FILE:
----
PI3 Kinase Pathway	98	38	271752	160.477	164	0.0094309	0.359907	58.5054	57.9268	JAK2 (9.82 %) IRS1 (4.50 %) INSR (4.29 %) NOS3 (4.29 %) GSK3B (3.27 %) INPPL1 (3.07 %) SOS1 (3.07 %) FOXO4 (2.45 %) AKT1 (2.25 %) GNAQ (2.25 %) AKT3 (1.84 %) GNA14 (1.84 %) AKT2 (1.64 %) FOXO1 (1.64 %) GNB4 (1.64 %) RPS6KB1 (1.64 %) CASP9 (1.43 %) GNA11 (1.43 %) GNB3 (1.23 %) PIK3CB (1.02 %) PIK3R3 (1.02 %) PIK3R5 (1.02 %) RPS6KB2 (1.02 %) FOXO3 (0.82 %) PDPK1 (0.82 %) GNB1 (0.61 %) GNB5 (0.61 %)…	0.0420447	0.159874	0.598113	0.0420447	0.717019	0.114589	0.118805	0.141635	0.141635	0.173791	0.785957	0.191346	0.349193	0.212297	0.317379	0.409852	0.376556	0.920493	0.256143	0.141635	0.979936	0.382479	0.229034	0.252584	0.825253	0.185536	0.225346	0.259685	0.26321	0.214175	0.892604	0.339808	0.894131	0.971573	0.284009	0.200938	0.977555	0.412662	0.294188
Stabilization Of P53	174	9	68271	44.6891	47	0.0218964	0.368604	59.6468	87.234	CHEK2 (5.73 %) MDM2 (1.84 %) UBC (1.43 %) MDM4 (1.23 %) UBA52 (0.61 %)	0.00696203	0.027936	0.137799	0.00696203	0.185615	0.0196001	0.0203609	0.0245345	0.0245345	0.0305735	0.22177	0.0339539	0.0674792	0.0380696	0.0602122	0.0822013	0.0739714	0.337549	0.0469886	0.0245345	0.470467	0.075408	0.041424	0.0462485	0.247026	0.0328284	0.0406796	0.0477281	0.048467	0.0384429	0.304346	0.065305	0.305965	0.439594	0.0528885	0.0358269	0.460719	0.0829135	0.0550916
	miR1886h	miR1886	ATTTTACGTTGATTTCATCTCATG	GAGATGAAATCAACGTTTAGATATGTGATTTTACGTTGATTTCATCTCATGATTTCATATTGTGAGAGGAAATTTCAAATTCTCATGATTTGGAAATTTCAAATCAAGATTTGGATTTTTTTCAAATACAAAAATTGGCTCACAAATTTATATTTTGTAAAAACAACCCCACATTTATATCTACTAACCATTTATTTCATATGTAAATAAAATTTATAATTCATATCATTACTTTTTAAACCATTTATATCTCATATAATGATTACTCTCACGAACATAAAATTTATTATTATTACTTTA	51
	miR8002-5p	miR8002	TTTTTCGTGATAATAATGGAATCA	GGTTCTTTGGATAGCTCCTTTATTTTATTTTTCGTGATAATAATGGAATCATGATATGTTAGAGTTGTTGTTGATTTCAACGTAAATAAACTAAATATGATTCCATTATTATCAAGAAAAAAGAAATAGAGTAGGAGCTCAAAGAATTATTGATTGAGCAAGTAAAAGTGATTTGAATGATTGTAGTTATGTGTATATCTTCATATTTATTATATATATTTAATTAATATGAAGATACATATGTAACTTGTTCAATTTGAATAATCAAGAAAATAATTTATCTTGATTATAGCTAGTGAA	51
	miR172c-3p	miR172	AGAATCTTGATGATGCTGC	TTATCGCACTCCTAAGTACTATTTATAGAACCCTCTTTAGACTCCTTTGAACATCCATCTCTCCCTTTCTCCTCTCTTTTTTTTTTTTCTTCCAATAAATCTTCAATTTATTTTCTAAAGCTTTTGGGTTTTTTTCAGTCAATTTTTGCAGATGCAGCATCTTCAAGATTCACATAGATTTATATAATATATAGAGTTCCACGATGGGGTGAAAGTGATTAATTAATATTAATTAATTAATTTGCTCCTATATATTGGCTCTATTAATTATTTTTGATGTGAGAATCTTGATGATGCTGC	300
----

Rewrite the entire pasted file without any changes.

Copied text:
PI3 Kinase Pathway	98	38	271752	160.477	164	0.0094309	0.359907	58.5054	57.9268	JAK2 (9.82 %) IRS1 (4.50 %) INSR (4.29 %) NOS3 (4.29 %) GSK3B (3.27 %) INPPL1 (3.07 %) SOS1 (3.07 %) FOXO4 (2.45 %) AKT1 (2.25 %) GNAQ (2.25 %) AKT3 (1.84 %) GNA14 (1.84 %) AKT2 (1.64 %) FOXO1 (1.64 %) GNB4 (1.64 %) RPS6KB1 (1.64 %) CASP9 (1.43 %) GNA11 (1.43 %) GNB3 (1.23 %) PIK3CB (1.02 %) PIK3R3 (1.02 %) PIK3R5 (1.02 %) RPS6KB2 (1.02 %) FOXO3 (0.82 %) PDPK1 (0.82 %) GNB1 (0.61 %) GNB5 (0.61 %)…	0.0420447	0.159874	0.598113	0.0420447	0.717019	0.114589	0.118805	0.141635	0.141635	0.173791	0.785957	0.191346	0.349193	0.212297	0.317379	0.409852	0.376556	0.920493	0.256143	0.141635	0.979936	0.382479	0.229034	0.252584	0.825253	0.185536	0.225346	0.259685	0.26321	0.214175	0.892604	0.339808	0.894131	0.971573	0.284009	0.200938	0.977555	0.412662	0.294188
Stabilization Of P53	174	9	68271	44.6891	47	0.0218964	0.368604	59.6468	87.234	CHEK2 (5.73 %) MDM2 (1.84 %) UBC (1.43 %) MDM4 (1.23 %) UBA52 (0.61 %)	0.00696203	0.027936	0.137799	0.00696203	0.185615	0.0196001	0.0203609	0.0245345	0.0245345	0.0305735	0.22177	0.0339539	0.0674792	0.0380696	0.0602122	0.0822013	0.0739714	0.337549	0.0469886	0.0245345	0.470467	0.075408	0.041424	0.0462485	0.247026	0.0328284	0.0406796	0.0477281	0.048467	0.0384429	0.304346	0.065305	0.305965	0.439594	0.0528885	0.0358269	0.460719	0.0829135	0.0550916
	miR1886h	miR1886	ATTTTACGTTGATTTCATCTCATG	GAGATGAAATCAACGTTTAGATATGTGATTTTACGTTGATTTCATCTCATGATTTCATATTGTGAGAGGAAATTTCAAATTCTCATGATTTGGAAATTTCAAATCAAGATTTGGATTTTTTTCAAATACAAAAATTGGCTCACAAATTTATATTTTGTAAAAACAACCCCACATTTATATCTACTAACCATTTATTTCATATGTAAATAAAATTTATAATTCATATCATTACTTTTTAAACCATTTATATCTCATATAATGATTACTCTCACGAACATAAAATTTATTATTATTACTTTA	51
	miR8002-5p	miR8002	TTTTTCGTGATAATAATGGAATCA	GGTTCTTTGGATAGCTCCTTTATTTTATTTTTCGTGATAATAATGGAATCATGATATGTTAGAGTTGTTGTTGATTTCAACGTAAATAAACTAAATATGATTCCATTATTATCAAGAAAAAAGAAATAGAGTAGGAGCTCAAAGAATTATTGATTGAGCAAGTAAAAGTGATTTGAATGATTGTAGTTATGTGTATATCTTCATATTTATTATATATATTTAATTAATATGAAGATACATATGTAACTTGTTCAATTTGAATAATCAAGAAAATAATTTATCTTGATTATAGCTAGTGAA	51
	miR172c-3p	miR172	AGAATCTTGATGATGCTGC	TTATCGCACTCCTAAGTACTATTTATAGAACCCTCTTTAGACTCCTTTGAACATCCATCTCTCCCTTTCTCCTCTCTTTTTTTTTTTTCTTCCAATAAATCTTCAATTTATTTTCTAAAGCTTTTGGGTTTTTTTCAGTCAATTTTTGCAGATGCAGCATCTTCAAGATTCACATAGATTTATATAATATATAGAGTTCCACGATGGGGTGAAAGTGATTAATTAATATTAATTAATTAATTTGCTCCTATATATTGGCTCTATTAATTATTTTTGATGTGAGAATCTTGATGATGCTGC	300